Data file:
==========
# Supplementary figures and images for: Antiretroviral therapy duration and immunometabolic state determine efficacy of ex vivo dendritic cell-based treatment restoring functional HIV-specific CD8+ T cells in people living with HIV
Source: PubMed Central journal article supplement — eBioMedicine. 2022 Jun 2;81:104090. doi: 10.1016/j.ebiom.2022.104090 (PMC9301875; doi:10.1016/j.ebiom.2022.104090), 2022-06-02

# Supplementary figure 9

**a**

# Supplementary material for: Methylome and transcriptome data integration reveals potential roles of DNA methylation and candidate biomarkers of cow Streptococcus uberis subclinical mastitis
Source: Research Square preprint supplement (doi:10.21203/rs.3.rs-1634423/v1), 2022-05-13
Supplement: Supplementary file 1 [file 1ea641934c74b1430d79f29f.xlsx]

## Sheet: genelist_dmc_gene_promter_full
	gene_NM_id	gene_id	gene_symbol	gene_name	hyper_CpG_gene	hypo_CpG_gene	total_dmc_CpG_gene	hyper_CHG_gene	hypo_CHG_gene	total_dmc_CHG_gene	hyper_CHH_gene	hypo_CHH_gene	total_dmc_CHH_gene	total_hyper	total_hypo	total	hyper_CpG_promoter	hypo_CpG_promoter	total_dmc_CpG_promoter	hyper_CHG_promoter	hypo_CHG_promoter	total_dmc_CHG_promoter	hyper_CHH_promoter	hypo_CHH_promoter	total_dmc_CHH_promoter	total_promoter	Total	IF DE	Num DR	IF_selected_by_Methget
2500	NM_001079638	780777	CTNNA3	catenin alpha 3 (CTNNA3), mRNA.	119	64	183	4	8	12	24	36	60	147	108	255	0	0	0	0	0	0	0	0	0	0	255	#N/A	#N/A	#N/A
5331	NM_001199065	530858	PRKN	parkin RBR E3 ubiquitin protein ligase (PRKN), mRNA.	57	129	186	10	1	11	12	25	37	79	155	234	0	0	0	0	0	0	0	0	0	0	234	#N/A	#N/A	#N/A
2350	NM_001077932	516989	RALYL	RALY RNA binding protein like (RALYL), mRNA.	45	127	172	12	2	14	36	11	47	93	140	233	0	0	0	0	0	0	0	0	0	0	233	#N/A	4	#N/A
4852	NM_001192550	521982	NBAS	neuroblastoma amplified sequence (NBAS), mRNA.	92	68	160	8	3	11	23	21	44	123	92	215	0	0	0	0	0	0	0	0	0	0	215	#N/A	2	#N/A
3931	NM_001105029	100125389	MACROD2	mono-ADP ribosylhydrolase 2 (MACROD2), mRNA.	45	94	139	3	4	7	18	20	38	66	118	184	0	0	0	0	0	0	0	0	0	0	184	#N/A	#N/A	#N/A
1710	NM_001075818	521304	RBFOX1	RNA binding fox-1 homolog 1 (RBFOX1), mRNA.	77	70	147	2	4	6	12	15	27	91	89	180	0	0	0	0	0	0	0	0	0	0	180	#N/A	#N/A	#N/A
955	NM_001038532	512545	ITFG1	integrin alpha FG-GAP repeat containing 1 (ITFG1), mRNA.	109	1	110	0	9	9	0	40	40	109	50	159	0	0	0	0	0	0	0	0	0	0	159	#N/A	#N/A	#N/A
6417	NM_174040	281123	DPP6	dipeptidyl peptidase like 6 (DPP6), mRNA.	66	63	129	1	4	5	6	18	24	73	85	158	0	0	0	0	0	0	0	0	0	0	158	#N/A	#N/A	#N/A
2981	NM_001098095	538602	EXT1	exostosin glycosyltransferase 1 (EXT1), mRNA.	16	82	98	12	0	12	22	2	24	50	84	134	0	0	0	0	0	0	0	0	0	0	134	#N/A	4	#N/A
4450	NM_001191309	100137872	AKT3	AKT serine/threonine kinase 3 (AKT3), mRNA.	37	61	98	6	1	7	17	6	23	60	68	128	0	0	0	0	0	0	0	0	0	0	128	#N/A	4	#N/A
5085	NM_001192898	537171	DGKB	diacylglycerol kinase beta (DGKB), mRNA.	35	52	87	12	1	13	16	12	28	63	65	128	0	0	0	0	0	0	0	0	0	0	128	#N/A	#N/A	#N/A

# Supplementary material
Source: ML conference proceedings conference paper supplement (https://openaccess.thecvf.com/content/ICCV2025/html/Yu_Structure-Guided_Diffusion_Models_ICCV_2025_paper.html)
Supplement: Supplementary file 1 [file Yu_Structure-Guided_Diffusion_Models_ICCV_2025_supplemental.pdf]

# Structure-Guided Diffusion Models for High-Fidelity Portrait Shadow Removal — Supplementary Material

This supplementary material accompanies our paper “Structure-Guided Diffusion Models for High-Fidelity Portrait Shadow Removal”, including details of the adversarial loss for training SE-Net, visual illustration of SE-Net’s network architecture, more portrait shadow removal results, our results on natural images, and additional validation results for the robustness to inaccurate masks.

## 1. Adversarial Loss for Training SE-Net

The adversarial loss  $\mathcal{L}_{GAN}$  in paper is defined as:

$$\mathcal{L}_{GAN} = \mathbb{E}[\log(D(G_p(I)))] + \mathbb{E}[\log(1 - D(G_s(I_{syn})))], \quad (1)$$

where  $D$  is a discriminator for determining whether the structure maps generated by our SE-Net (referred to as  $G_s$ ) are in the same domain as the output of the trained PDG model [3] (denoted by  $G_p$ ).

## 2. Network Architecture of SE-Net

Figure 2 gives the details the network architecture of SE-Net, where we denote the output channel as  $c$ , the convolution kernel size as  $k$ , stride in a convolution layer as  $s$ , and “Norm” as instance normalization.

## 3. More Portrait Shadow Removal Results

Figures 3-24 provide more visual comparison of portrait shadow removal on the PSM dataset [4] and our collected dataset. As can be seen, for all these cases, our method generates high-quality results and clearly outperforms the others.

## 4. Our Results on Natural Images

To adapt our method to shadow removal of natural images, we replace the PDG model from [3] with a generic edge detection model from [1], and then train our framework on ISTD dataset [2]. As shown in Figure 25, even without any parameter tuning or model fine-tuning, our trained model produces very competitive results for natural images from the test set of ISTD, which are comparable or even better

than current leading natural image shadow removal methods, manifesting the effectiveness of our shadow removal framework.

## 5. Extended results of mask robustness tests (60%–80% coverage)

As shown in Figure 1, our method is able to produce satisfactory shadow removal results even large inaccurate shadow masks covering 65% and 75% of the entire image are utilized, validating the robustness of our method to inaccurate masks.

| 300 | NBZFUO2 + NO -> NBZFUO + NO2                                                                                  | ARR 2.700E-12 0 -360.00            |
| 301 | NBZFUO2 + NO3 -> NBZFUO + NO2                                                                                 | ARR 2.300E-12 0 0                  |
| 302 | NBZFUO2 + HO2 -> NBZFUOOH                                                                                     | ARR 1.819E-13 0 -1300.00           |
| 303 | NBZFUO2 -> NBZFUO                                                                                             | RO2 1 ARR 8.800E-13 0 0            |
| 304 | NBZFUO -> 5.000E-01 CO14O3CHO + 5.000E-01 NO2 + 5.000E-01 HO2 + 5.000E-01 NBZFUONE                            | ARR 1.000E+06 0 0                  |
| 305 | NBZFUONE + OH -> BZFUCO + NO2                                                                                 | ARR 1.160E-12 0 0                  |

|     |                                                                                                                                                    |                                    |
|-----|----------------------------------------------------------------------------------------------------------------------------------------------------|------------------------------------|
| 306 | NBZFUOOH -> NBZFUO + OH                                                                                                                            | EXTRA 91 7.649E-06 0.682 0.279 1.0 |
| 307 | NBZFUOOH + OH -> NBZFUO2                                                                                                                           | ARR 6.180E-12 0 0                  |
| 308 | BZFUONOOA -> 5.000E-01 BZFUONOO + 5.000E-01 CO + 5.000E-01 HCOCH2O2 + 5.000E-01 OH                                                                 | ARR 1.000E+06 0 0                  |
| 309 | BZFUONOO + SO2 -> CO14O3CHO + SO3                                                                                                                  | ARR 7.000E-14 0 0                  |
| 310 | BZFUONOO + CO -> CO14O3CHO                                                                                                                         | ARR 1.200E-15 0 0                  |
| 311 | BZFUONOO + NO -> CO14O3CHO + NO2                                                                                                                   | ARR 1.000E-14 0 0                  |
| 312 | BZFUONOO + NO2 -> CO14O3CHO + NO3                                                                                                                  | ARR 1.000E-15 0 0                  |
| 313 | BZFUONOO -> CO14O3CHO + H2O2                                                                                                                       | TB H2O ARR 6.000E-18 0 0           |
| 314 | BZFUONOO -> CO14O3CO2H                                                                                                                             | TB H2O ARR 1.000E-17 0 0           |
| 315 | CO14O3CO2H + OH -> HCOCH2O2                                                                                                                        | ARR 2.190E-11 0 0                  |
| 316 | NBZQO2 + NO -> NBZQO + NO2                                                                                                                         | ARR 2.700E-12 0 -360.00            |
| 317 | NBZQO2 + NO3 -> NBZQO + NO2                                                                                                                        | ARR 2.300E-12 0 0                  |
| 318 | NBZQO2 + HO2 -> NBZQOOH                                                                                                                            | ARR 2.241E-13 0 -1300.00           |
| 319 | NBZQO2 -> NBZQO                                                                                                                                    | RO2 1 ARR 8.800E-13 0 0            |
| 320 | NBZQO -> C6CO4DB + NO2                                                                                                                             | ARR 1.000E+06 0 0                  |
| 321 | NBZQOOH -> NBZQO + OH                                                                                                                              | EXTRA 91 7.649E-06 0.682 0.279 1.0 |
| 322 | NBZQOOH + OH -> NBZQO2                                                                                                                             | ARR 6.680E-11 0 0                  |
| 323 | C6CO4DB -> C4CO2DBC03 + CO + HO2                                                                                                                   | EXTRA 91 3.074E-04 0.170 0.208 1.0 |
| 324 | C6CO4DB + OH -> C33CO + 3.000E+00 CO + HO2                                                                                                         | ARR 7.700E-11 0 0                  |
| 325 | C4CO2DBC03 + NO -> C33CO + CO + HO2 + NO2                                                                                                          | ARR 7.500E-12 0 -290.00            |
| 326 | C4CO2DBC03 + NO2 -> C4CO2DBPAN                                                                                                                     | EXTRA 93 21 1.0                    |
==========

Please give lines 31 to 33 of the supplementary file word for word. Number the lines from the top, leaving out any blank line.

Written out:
Figure 2 gives the details the network architecture of SE-Net, where we denote the output channel as  $c$ , the convolution kernel size as  $k$ , stride in a convolution layer as  $s$ , and “Norm” as instance normalization.

## 3. More Portrait Shadow Removal Results

Figures 3-24 provide more visual comparison of portrait shadow removal on the PSM dataset [4] and our collected dataset. As can be seen, for all these cases, our method generates high-quality results and clearly outperforms the others.